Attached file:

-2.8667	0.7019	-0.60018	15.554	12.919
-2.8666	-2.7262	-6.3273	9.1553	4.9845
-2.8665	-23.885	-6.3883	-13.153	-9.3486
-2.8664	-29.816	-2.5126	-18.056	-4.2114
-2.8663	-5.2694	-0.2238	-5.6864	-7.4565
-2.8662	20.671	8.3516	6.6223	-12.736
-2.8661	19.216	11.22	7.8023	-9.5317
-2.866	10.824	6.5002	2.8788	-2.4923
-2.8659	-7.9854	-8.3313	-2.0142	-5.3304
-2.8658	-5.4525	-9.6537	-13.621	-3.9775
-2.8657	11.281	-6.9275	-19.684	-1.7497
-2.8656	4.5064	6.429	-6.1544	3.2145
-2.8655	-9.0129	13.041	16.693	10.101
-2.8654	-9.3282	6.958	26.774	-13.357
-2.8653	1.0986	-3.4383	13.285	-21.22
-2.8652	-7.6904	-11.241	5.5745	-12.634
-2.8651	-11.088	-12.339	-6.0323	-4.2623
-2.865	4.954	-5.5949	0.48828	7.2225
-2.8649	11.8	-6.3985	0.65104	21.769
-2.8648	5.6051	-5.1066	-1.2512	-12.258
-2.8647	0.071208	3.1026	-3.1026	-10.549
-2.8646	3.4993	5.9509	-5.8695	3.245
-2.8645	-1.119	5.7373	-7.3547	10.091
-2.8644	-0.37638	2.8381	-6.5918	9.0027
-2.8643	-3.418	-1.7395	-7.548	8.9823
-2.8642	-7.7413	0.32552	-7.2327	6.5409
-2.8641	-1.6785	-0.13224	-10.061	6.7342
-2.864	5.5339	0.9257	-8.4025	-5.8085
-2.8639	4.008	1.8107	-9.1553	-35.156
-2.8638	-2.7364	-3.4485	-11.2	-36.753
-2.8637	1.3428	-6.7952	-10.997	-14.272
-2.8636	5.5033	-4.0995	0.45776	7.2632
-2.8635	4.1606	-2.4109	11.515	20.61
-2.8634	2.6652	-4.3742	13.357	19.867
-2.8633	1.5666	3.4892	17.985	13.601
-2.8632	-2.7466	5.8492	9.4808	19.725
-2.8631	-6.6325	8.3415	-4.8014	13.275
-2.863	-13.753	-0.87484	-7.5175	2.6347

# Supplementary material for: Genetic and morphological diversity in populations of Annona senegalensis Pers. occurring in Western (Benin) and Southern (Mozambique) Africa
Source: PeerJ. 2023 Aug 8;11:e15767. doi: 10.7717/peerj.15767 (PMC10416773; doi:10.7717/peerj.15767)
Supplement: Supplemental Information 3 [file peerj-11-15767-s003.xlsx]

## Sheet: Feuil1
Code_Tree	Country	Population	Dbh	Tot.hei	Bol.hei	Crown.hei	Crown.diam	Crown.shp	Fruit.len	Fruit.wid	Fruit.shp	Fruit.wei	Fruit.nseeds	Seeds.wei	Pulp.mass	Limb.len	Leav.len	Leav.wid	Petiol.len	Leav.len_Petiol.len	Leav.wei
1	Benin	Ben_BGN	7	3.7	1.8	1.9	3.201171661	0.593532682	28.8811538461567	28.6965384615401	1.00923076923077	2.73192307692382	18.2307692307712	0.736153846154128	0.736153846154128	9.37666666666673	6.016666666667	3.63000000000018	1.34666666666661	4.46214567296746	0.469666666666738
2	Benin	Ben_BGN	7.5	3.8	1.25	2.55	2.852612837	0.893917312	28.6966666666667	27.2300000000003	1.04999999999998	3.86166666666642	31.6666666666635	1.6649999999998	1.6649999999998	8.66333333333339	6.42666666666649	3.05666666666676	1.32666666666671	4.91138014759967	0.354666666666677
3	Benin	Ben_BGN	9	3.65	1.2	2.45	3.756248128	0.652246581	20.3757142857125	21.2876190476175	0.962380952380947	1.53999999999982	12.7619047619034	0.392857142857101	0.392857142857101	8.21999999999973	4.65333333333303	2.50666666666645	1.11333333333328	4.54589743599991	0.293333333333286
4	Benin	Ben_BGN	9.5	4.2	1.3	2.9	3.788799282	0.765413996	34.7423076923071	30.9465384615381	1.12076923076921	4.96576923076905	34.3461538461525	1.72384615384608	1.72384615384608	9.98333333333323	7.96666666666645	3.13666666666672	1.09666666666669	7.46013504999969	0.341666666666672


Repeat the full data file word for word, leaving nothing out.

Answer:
-2.8667	0.7019	-0.60018	15.554	12.919
-2.8666	-2.7262	-6.3273	9.1553	4.9845
-2.8665	-23.885	-6.3883	-13.153	-9.3486
-2.8664	-29.816	-2.5126	-18.056	-4.2114
-2.8663	-5.2694	-0.2238	-5.6864	-7.4565
-2.8662	20.671	8.3516	6.6223	-12.736
-2.8661	19.216	11.22	7.8023	-9.5317
-2.866	10.824	6.5002	2.8788	-2.4923
-2.8659	-7.9854	-8.3313	-2.0142	-5.3304
-2.8658	-5.4525	-9.6537	-13.621	-3.9775
-2.8657	11.281	-6.9275	-19.684	-1.7497
-2.8656	4.5064	6.429	-6.1544	3.2145
-2.8655	-9.0129	13.041	16.693	10.101
-2.8654	-9.3282	6.958	26.774	-13.357
-2.8653	1.0986	-3.4383	13.285	-21.22
-2.8652	-7.6904	-11.241	5.5745	-12.634
-2.8651	-11.088	-12.339	-6.0323	-4.2623
-2.865	4.954	-5.5949	0.48828	7.2225
-2.8649	11.8	-6.3985	0.65104	21.769
-2.8648	5.6051	-5.1066	-1.2512	-12.258
-2.8647	0.071208	3.1026	-3.1026	-10.549
-2.8646	3.4993	5.9509	-5.8695	3.245
-2.8645	-1.119	5.7373	-7.3547	10.091
-2.8644	-0.37638	2.8381	-6.5918	9.0027
-2.8643	-3.418	-1.7395	-7.548	8.9823
-2.8642	-7.7413	0.32552	-7.2327	6.5409
-2.8641	-1.6785	-0.13224	-10.061	6.7342
-2.864	5.5339	0.9257	-8.4025	-5.8085
-2.8639	4.008	1.8107	-9.1553	-35.156
-2.8638	-2.7364	-3.4485	-11.2	-36.753
-2.8637	1.3428	-6.7952	-10.997	-14.272
-2.8636	5.5033	-4.0995	0.45776	7.2632
-2.8635	4.1606	-2.4109	11.515	20.61
-2.8634	2.6652	-4.3742	13.357	19.867
-2.8633	1.5666	3.4892	17.985	13.601
-2.8632	-2.7466	5.8492	9.4808	19.725
-2.8631	-6.6325	8.3415	-4.8014	13.275
-2.863	-13.753	-0.87484	-7.5175	2.6347

# Supplementary material for: Genetic and morphological diversity in populations of Annona senegalensis Pers. occurring in Western (Benin) and Southern (Mozambique) Africa
Source: PeerJ. 2023 Aug 8;11:e15767. doi: 10.7717/peerj.15767 (PMC10416773; doi:10.7717/peerj.15767)
Supplement: Supplemental Information 3 [file peerj-11-15767-s003.xlsx]

## Sheet: Feuil1
Code_Tree	Country	Population	Dbh	Tot.hei	Bol.hei	Crown.hei	Crown.diam	Crown.shp	Fruit.len	Fruit.wid	Fruit.shp	Fruit.wei	Fruit.nseeds	Seeds.wei	Pulp.mass	Limb.len	Leav.len	Leav.wid	Petiol.len	Leav.len_Petiol.len	Leav.wei
1	Benin	Ben_BGN	7	3.7	1.8	1.9	3.201171661	0.593532682	28.8811538461567	28.6965384615401	1.00923076923077	2.73192307692382	18.2307692307712	0.736153846154128	0.736153846154128	9.37666666666673	6.016666666667	3.63000000000018	1.34666666666661	4.46214567296746	0.469666666666738
2	Benin	Ben_BGN	7.5	3.8	1.25	2.55	2.852612837	0.893917312	28.6966666666667	27.2300000000003	1.04999999999998	3.86166666666642	31.6666666666635	1.6649999999998	1.6649999999998	8.66333333333339	6.42666666666649	3.05666666666676	1.32666666666671	4.91138014759967	0.354666666666677
3	Benin	Ben_BGN	9	3.65	1.2	2.45	3.756248128	0.652246581	20.3757142857125	21.2876190476175	0.962380952380947	1.53999999999982	12.7619047619034	0.392857142857101	0.392857142857101	8.21999999999973	4.65333333333303	2.50666666666645	1.11333333333328	4.54589743599991	0.293333333333286
4	Benin	Ben_BGN	9.5	4.2	1.3	2.9	3.788799282	0.765413996	34.7423076923071	30.9465384615381	1.12076923076921	4.96576923076905	34.3461538461525	1.72384615384608	1.72384615384608	9.98333333333323	7.96666666666645	3.13666666666672	1.09666666666669	7.46013504999969	0.341666666666672